In talking about this recently to the meditation groups, I mentioned that if anyone had anything to add to this article they were welcome to contribute. The following are one trainee’s observations.
Rev. Basil once pointed out that when the selfish self arises, there is almost a physical sensation of feeling the heart harden as we push away that which we don’t want or cling to that which we do. Sort of a claustrophobic feeling, if you will. His observation has proven to be of great help to me, and I’ve learned to observe that symptom in myself when greed or hate arise. (Delusion, however, is much harder to observe: more elusive, seductive, more insidious than the other two.) The sensation is a timely reminder that something is going wrong: I am beginning to feel a tangible discomfort and I can alleviate that by letting go of the urge to insist that the world conform to my desires. This is a better use of the will, and I recommend it.
There’s a willfulness that seems to be in the way of the needed softening of my heart. Rev. Master Kōshin has a metaphor he uses to describe this conundrum: we must get ourselves out of the driver’s seat.
I understand my True Heart to be my Buddha Nature. I have no doubt that it is void, unstained, and pure. All I need to do is to take refuge there, setting aside all concerns about purity and impurity. Taking refuge in the Buddha Nature softens the brittle accretions of willfulness and allows my thoughts, words, and deeds to be informed by, to flow from, my True heart. Taking refuge in this way helps me to become a vessel for something much deeper and more compassionate than my ordinary selfish self.
In closing, it must be recognized that at any point in our training there will people and situations that “push our buttons” and cause our hearts to harden and for our training to go off the rails. I speak from recent experience, when my reactions to a situation made me realize that I needed to do extra meditation, be more still, and let the Eternal wash and cleanse my thoughts and emotions. This proved to me yet again that our first, last, and best recourse in difficult times is to ask for the help of the Eternal through pure meditation and to let our actions of body, speech, and mind be guided by the Precepts. When we do these things, we purify our heart and are truly good for all.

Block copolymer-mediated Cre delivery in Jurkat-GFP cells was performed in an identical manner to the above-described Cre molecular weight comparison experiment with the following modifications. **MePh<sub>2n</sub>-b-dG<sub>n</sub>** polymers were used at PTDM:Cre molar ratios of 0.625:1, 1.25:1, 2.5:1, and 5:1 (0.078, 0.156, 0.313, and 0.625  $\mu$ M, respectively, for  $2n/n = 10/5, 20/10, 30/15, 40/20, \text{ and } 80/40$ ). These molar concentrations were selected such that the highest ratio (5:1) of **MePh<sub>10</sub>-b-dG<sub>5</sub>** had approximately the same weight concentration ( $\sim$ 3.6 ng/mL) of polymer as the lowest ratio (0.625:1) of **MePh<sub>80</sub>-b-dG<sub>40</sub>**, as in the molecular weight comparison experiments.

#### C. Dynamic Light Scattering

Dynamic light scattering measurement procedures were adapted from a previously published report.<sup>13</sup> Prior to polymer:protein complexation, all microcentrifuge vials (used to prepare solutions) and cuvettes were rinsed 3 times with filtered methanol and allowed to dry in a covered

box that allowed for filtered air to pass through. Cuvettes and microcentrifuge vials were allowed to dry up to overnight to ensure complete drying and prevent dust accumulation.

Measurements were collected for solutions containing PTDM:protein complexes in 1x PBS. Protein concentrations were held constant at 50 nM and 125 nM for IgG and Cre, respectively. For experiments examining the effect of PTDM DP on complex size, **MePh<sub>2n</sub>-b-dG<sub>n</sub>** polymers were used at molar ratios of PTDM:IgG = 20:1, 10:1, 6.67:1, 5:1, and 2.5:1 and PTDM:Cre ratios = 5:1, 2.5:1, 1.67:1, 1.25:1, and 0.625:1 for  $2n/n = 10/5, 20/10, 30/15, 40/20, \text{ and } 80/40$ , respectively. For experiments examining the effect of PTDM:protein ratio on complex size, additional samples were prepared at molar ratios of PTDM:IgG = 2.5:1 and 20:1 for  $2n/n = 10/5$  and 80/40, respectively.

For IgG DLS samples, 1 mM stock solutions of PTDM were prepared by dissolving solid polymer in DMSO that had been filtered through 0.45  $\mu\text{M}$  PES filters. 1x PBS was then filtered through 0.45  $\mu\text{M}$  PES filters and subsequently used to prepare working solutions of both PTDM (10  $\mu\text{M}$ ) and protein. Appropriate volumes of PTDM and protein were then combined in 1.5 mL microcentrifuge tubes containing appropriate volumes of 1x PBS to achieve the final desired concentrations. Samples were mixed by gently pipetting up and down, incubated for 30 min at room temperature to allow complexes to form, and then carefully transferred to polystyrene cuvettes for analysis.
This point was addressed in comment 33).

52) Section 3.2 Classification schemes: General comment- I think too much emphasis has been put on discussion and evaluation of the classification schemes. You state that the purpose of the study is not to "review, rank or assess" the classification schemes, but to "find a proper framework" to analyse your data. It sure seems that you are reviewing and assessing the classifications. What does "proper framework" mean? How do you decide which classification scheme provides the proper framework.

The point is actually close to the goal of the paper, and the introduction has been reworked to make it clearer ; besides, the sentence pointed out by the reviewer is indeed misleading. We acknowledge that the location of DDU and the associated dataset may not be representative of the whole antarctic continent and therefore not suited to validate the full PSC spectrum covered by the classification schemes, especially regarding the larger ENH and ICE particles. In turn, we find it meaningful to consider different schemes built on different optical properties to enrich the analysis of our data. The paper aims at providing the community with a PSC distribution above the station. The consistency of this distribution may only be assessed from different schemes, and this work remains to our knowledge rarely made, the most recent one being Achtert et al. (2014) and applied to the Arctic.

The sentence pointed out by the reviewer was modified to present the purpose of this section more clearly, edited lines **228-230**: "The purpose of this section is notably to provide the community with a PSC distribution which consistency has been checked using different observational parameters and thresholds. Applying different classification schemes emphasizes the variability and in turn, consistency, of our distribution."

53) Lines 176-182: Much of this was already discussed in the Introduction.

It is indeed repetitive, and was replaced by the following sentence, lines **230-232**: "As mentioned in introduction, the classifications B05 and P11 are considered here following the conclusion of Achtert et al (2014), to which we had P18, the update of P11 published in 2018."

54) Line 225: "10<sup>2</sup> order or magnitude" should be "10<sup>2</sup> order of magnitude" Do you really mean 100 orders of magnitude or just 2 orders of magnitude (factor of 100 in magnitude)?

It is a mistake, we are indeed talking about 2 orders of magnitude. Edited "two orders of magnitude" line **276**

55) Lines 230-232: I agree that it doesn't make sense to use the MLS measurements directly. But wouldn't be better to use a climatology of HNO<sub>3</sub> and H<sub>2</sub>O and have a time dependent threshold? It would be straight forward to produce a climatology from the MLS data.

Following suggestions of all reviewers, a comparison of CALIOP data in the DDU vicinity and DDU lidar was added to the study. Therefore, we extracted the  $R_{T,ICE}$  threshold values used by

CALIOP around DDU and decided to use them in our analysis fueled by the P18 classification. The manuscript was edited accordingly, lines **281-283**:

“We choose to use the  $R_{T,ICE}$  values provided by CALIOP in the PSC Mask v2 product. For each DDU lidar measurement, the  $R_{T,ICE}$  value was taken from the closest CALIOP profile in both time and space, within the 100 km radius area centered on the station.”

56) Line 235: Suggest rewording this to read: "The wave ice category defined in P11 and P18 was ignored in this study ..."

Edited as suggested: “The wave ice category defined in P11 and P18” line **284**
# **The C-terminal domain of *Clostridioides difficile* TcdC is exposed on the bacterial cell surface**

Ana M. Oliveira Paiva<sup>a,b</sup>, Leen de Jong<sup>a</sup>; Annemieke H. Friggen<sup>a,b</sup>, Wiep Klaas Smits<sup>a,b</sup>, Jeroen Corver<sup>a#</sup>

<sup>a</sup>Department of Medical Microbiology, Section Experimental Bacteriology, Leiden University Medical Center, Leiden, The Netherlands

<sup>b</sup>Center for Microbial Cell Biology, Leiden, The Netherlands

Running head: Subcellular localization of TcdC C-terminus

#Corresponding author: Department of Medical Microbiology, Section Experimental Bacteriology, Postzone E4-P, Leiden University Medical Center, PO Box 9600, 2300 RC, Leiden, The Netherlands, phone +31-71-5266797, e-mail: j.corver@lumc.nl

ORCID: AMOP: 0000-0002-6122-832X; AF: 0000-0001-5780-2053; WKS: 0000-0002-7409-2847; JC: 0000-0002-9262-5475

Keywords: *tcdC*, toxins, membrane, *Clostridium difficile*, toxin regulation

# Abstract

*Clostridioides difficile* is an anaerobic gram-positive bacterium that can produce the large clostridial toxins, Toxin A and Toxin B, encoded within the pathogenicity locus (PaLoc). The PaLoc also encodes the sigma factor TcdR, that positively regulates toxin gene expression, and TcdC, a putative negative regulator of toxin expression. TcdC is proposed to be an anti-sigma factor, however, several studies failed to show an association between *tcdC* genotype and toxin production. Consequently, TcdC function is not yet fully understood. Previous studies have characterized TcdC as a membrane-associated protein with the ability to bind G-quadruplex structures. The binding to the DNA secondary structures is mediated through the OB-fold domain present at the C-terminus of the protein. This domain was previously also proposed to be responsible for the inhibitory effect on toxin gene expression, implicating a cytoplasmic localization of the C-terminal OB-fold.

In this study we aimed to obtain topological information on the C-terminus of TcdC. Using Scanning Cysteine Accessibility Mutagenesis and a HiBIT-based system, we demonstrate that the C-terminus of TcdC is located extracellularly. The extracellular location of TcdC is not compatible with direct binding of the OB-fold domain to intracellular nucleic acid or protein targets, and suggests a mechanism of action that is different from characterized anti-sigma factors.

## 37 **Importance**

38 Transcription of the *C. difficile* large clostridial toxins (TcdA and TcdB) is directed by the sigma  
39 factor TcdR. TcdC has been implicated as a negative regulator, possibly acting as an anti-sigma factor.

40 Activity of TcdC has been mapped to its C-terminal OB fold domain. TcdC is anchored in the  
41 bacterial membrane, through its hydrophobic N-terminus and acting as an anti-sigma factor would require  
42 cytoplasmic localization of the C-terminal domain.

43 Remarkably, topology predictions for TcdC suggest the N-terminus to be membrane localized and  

2 “SANGE (J), contrition, confession, repentence. The sincere recognition of all that is wrong within one and the acceptance of one’s past karma. Sange is the true source of religious humility and a principal gateway to enlightenment.” Glossary, Zen is Eternal Life (Mount Shasta, CA: Shasta Abbey Press, Fourth Edition, 1999), p. 328.
4Roar of the Tigress, Volume Two (Mount Shasta, CA: Shasta Abbey Press, 2005), p. 164.
We have purchased a house in Hutchinson, to close August 9. The house is well-suited as a temple, having a large living room that's ideal for a meditation hall and a formal dining room that will make a roomy common room. There's a half-bath on the ground floor, with bedrooms and full bath upstairs. It's an older house, built in 1916, but has been well maintained. There's also a detached, two-car garage.
Rev. Bennet is looking forward to the move, but he's not too sure that the cats are on board with it....